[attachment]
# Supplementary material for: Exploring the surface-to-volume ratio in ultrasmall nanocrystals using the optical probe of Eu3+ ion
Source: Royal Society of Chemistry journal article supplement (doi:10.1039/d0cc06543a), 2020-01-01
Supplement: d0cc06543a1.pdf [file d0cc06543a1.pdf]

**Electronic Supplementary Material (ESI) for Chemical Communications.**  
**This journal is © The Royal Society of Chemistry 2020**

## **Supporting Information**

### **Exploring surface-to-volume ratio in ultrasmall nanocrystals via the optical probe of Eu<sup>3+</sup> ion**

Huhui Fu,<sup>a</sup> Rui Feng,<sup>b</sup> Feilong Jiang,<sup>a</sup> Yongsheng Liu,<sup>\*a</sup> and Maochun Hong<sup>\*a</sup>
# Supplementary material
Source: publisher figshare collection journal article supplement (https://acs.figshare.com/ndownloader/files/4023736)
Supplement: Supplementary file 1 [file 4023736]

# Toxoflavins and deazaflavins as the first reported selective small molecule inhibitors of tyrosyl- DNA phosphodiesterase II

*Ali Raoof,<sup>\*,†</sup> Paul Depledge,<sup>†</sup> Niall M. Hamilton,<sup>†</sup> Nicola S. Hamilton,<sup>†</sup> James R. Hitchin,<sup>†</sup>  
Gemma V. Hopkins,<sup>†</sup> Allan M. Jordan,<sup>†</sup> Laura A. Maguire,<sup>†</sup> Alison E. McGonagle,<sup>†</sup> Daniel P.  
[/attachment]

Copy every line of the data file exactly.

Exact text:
# Supplementary material for: Exploring the surface-to-volume ratio in ultrasmall nanocrystals using the optical probe of Eu3+ ion
Source: Royal Society of Chemistry journal article supplement (doi:10.1039/d0cc06543a), 2020-01-01
Supplement: d0cc06543a1.pdf [file d0cc06543a1.pdf]

**Electronic Supplementary Material (ESI) for Chemical Communications.**  
**This journal is © The Royal Society of Chemistry 2020**

## **Supporting Information**

### **Exploring surface-to-volume ratio in ultrasmall nanocrystals via the optical probe of Eu<sup>3+</sup> ion**

Huhui Fu,<sup>a</sup> Rui Feng,<sup>b</sup> Feilong Jiang,<sup>a</sup> Yongsheng Liu,<sup>\*a</sup> and Maochun Hong<sup>\*a</sup>
# Supplementary material
Source: publisher figshare collection journal article supplement (https://acs.figshare.com/ndownloader/files/4023736)
Supplement: Supplementary file 1 [file 4023736]

# Toxoflavins and deazaflavins as the first reported selective small molecule inhibitors of tyrosyl- DNA phosphodiesterase II

*Ali Raoof,<sup>\*,†</sup> Paul Depledge,<sup>†</sup> Niall M. Hamilton,<sup>†</sup> Nicola S. Hamilton,<sup>†</sup> James R. Hitchin,<sup>†</sup>  
Gemma V. Hopkins,<sup>†</sup> Allan M. Jordan,<sup>†</sup> Laura A. Maguire,<sup>†</sup> Alison E. McGonagle,<sup>†</sup> Daniel P.  